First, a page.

# Creating contrast matrix for linear regression in R

Sorry for asking such stupid question, but I cannot understand the criteria behind contrast matrix, should be created for designing linear models in R. I have read limma user guide (P: 101) and there was an example for that. The example is about estrogen(present/absent) and its late (48h) and early (10h) effect on a cancer. I cannot understand in what sense they could take away the effect of time by assigning 1 for both e48 and E48.

Here are the R commands:

treatments <- factor(c(1,1,2,2,3,3,4,4),labels=c("e10","E10","e48","E48"))
contrasts(treatments) <- cbind(Time=c(0,0,1,1),E10=c(0,1,0,0),E48=c(0,0,0,1))
contrasts

> treatments
[1] e10 e10 E10 E10 e48 e48 E48 E48
attr(,"contrasts")
Time E10 E48
e10    0   0   0
E10    0   1   0
e48    1   0   0
E48    1   0   1
Levels: e10 E10 e48 E48

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## migrated from stackoverflow.comJul 13 '13 at 20:45

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This question appears to be off-topic because it is about a statistical method and thus belongs on Cross Validated. – Roland Jul 10 '13 at 13:11

This example from limma is a bit confusing, because what they do is: they first create a contrast matrix, then they build a design matrix, and then they build another contrast matrix that they actually use. Also, I'm a bit confused, because the contrasts that they end up using do not seem the correct contrasts to me, but this may be due to my limited understanding.

What matters for you are only the two latter, design and cont.matrix:

 design <- model.matrix(~treatments)
colnames(design) <- c("Intercept","Time","E10","E48")


The design matrix describes the dummy variables that are used to code the linear regression model:

> design
Intercept Time E10 E48
1         1    0   0   0
2         1    0   0   0
3         1    0   1   0
4         1    0   1   0
5         1    1   0   0
6         1    1   0   0
7         1    1   0   1
8         1    1   0   1


Variable one is the Intercept; all samples are multiplied by 1, so an average of all samples is the intercept. Second variable is time, and only the late timepoints will go into this. E10 is the mean of the samples with estrogen present at the early timepoint, E48 likewise at the late timepoint.

Then, the authors create another contrast matrix:

> cont.matrix <- cbind(E10=c(0,0,1,0),E48=c(0,0,0,1))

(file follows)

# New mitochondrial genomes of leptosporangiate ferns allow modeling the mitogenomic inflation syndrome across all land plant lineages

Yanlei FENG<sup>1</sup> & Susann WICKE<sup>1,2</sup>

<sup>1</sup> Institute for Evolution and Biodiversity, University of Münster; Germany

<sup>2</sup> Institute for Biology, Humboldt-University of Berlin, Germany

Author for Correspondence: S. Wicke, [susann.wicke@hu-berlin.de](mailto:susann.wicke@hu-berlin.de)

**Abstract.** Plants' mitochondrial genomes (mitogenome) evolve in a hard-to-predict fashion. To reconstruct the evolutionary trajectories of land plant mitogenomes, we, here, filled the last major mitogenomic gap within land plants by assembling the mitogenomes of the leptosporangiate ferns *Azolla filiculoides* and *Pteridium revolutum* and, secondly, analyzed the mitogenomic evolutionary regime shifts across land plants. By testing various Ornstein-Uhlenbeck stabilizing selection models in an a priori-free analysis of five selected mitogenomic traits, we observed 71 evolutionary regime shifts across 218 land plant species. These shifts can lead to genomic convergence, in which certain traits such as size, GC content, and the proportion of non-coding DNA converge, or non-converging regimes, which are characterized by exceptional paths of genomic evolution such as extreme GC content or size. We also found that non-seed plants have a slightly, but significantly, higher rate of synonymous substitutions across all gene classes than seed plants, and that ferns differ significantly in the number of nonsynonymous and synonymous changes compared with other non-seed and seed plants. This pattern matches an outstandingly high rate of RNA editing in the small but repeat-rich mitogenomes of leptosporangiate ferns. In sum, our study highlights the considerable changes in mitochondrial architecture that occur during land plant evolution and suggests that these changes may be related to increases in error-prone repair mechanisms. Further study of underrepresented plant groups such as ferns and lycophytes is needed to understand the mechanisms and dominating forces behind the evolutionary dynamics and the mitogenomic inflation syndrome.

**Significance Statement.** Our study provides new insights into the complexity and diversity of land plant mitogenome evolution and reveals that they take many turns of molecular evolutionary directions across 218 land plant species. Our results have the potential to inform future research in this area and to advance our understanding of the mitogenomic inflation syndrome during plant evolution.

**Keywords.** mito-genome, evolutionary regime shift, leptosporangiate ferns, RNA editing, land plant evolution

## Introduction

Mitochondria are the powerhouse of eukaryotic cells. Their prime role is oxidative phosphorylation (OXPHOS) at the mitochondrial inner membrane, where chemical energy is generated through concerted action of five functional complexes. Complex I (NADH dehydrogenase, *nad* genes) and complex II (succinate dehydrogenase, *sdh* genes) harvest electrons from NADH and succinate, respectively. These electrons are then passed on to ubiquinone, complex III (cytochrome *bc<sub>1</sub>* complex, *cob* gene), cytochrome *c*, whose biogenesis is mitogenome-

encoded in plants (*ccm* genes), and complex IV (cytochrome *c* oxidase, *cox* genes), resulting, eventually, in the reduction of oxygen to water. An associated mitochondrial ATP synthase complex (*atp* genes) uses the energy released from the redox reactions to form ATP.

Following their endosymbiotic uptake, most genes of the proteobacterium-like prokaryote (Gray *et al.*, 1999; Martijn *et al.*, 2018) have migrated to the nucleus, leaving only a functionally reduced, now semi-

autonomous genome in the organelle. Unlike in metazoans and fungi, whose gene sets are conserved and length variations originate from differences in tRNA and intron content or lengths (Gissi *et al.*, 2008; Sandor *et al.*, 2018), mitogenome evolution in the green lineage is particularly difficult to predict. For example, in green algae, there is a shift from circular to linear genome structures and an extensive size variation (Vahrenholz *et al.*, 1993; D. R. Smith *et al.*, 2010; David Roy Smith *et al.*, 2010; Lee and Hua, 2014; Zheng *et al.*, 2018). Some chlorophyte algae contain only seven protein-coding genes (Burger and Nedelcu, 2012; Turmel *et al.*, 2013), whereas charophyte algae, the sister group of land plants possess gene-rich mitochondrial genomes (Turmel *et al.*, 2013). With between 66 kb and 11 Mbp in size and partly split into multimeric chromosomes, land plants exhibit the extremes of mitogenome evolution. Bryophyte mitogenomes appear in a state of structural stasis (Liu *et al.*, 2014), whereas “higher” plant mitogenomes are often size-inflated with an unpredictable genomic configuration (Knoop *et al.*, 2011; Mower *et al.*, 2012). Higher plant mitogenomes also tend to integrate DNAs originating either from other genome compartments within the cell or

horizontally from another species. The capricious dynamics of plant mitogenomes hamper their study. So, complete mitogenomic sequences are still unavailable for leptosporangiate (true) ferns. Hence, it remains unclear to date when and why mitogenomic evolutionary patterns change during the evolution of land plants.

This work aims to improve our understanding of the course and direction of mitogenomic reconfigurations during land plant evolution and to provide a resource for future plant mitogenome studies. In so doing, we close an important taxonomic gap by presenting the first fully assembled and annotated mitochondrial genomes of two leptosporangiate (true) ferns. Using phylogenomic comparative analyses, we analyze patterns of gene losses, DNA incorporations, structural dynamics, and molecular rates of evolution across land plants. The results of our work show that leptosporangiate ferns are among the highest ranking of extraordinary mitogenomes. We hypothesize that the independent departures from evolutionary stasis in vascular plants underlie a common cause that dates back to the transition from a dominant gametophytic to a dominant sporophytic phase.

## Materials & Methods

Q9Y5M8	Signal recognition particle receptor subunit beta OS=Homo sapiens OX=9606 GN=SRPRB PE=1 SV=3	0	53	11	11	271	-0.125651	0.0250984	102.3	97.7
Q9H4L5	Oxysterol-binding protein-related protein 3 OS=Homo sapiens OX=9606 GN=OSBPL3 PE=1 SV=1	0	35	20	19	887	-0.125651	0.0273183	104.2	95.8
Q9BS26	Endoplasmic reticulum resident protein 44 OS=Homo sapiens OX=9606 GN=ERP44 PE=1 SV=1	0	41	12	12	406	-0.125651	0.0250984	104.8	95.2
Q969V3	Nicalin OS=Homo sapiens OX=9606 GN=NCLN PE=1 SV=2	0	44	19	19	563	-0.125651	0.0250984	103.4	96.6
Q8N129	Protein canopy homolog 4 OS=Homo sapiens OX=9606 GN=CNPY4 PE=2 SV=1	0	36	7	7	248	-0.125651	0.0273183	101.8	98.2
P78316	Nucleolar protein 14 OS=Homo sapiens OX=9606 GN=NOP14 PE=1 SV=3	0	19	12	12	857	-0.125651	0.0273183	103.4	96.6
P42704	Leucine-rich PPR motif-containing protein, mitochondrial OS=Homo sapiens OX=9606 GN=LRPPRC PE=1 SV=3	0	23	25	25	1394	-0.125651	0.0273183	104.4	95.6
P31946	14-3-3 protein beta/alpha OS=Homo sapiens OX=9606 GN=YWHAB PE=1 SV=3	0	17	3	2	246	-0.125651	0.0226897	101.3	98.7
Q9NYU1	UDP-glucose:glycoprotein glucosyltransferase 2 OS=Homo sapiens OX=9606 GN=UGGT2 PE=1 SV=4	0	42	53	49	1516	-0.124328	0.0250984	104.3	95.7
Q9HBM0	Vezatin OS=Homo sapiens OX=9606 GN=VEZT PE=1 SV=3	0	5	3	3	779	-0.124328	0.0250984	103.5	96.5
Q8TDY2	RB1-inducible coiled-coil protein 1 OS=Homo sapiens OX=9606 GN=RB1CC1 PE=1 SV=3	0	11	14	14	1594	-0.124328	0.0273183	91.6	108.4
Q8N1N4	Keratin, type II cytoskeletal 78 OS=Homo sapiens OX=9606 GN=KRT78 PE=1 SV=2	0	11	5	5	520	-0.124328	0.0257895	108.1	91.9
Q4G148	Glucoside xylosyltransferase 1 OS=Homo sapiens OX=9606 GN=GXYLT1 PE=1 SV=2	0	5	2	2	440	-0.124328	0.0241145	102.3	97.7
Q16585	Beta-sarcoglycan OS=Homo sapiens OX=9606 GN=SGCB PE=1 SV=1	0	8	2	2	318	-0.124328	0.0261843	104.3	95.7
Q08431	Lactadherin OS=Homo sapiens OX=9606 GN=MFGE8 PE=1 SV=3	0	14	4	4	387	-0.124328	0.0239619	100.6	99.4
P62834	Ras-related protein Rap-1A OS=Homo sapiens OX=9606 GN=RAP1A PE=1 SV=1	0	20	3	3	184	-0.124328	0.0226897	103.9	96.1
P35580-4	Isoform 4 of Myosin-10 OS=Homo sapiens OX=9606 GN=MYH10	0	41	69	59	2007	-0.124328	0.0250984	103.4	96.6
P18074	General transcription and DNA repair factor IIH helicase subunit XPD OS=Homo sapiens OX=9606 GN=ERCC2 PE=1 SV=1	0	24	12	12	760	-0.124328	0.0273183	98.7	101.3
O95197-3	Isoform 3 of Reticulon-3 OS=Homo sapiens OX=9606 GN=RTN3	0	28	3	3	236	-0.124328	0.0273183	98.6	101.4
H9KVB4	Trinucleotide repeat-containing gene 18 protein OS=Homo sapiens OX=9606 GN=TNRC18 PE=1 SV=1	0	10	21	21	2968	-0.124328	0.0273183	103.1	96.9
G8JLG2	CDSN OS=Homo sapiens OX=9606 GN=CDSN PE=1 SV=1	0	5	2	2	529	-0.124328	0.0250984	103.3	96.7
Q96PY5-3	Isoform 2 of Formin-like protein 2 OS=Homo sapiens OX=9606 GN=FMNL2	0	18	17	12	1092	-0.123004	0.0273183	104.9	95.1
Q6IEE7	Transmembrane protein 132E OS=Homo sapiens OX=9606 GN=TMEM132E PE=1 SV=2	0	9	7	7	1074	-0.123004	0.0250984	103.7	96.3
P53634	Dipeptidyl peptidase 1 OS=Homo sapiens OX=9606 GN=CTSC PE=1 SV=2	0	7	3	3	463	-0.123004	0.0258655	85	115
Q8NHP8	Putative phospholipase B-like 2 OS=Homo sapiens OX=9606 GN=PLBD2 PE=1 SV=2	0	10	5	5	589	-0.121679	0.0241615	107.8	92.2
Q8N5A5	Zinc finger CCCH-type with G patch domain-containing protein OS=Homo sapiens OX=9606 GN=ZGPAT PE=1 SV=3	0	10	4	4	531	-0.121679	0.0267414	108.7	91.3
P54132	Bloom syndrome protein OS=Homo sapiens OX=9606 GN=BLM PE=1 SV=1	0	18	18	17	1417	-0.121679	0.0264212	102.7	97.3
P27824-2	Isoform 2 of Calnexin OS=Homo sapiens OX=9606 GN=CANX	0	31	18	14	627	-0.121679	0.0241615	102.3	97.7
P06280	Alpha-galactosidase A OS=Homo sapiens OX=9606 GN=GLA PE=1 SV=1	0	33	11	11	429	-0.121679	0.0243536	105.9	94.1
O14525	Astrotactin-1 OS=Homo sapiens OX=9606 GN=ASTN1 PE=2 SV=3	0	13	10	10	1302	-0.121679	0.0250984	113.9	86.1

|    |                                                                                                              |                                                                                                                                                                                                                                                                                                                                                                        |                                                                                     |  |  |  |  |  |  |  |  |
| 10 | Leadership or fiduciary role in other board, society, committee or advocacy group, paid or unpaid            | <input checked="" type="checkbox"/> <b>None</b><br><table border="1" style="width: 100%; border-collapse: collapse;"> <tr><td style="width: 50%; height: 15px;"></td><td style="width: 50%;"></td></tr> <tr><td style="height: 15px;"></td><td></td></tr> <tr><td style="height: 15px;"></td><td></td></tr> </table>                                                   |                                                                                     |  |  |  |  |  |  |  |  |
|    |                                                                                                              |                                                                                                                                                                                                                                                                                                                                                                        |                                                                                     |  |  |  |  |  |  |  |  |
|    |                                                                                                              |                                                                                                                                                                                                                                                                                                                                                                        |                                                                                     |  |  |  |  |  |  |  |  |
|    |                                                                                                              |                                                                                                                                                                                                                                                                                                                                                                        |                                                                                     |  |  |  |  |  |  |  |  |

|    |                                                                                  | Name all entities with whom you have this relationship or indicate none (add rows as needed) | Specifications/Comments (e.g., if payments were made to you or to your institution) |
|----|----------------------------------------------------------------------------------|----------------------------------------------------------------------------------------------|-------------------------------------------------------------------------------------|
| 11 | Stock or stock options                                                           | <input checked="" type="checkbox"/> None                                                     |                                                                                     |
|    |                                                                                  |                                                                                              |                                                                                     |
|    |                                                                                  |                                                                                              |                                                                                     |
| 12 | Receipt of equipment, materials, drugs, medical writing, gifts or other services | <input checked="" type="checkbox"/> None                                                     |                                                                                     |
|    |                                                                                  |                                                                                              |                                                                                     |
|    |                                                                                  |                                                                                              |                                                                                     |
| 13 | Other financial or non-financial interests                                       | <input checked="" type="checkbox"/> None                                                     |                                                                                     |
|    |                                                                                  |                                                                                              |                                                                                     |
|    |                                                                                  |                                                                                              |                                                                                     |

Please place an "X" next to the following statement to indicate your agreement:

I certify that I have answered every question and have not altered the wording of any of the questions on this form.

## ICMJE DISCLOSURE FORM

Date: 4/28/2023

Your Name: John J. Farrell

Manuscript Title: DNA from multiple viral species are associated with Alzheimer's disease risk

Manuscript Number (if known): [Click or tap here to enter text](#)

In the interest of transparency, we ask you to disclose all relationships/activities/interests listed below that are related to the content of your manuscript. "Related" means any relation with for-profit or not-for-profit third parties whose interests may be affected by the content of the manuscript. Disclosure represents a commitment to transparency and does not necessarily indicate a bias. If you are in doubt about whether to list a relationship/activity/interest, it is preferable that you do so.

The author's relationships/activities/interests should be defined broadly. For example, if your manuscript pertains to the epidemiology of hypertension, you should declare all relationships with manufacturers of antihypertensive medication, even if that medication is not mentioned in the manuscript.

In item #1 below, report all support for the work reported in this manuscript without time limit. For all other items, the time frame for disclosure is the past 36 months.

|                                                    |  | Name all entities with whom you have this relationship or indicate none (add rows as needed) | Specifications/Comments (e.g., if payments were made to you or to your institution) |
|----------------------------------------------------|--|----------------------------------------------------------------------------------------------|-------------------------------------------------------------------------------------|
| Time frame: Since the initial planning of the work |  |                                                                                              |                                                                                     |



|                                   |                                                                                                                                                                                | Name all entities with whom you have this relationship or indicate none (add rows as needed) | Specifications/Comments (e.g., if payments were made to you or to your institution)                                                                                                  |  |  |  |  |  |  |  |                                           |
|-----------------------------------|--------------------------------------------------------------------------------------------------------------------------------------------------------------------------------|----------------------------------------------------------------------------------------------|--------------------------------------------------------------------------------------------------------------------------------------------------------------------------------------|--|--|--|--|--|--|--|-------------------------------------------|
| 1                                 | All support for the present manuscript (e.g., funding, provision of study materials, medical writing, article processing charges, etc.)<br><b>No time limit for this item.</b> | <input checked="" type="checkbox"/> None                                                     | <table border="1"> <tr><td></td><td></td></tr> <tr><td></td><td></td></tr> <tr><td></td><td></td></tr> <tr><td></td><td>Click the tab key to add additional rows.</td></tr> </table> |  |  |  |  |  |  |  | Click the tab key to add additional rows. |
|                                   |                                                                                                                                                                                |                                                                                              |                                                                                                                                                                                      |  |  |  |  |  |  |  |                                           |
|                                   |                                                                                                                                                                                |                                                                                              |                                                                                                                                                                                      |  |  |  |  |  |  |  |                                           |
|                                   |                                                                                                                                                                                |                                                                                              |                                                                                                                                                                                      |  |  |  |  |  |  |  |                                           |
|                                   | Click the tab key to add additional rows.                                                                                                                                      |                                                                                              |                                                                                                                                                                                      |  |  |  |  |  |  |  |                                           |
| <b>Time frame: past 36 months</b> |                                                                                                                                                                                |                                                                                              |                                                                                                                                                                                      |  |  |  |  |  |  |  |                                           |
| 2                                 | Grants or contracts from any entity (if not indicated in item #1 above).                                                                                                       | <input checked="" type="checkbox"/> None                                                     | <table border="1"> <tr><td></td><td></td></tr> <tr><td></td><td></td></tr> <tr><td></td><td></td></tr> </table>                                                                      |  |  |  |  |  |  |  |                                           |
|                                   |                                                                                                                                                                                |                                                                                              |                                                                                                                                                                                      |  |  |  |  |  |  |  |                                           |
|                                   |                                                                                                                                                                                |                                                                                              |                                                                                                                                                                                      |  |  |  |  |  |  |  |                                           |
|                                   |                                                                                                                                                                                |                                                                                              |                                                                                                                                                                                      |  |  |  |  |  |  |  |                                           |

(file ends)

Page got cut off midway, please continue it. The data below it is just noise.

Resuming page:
> cont.matrix
E10 E48
[1,]   0   0
[2,]   0   0
[3,]   1   0
[4,]   0   1


Exactly the same contrasts will be achieved with makeContrasts( "E10", "E48", levels= design ). I have no idea what the purpose of this contrast fitting is, since the two contrasts should be exactly equivalent to the two coefficients in design. And guess what? They are, check it for yourself:

fit <- lmFit( eset, design )
fit2 <- contrasts.fit( fit, cont.matrix )
fit <- eBayes( fit ) ; fit2 <- eBayes( fit )
cor( fit$coefficients[,"E10"], fit2$coefficients[,"E10"] )
# result: 1; you can also check the p-values, they are identical


Now, to see what is going on I would use an equivalent, but conceptually much simpler encoding.

d <- model.matrix( ~ 0 + treatments ) # no intercept!
colnames( d ) <- levels( treatments )


Now the d looks like this:

  e10 E10 e48 E48
1   1   0   0   0
2   1   0   0   0
3   0   1   0   0
4   0   1   0   0
5   0   0   1   0
6   0   0   1   0
7   0   0   0   1
8   0   0   0   1


We encode each group separately; each coefficient represents simply the average of log-signals from microarrays corresponding to the samples from one group only. Likewise, the contrasts are easier and simple to understand:

cmtx <- makeContrasts( "E10-e10", "E48-e48", levels= d )


Here, we see that we are directly testing the difference between E10 and e10 in one contrast, and E48 and e48 in the other. cmtx looks like that:

> cmtx
Contrasts
Levels E10-e10 E48-e48
e10      -1       0
E10       1       0
e48       0      -1
E48       0       1


If you calculate these contrasts with

fit3 <- eBayes( contrasts.fit( lmFit( eset, d ), cmtx ) )


you will see that the results are exactly the same as before.. but now the setup makes much more sense :-)

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Thanks a lot, that was clear and easy to understand. – Rozita Akrami Jul 10 '13 at 14:29
Hi again, I know really a little in math, so I have problem with the notations and terms here in making contrast matrix: I don't know what tensor product is? so can anyone explain what these formulae mean? M_1 : M_2 M_1 * M_2 Maybe some explanation with examples related to above case study. Thanks – Rozita Akrami Jul 16 '13 at 14:29
A:B is the interaction term in R's formula notation. A*B is a shorthand for A + B + A:B, so both effects plus the interaction. – January Jul 16 '13 at 14:49
Thanks, hopefully my last question: What is intercept mean, and why did you ignored it? Thanks – Rozita Akrami Jul 16 '13 at 15:38
– January Jul 16 '13 at 19:48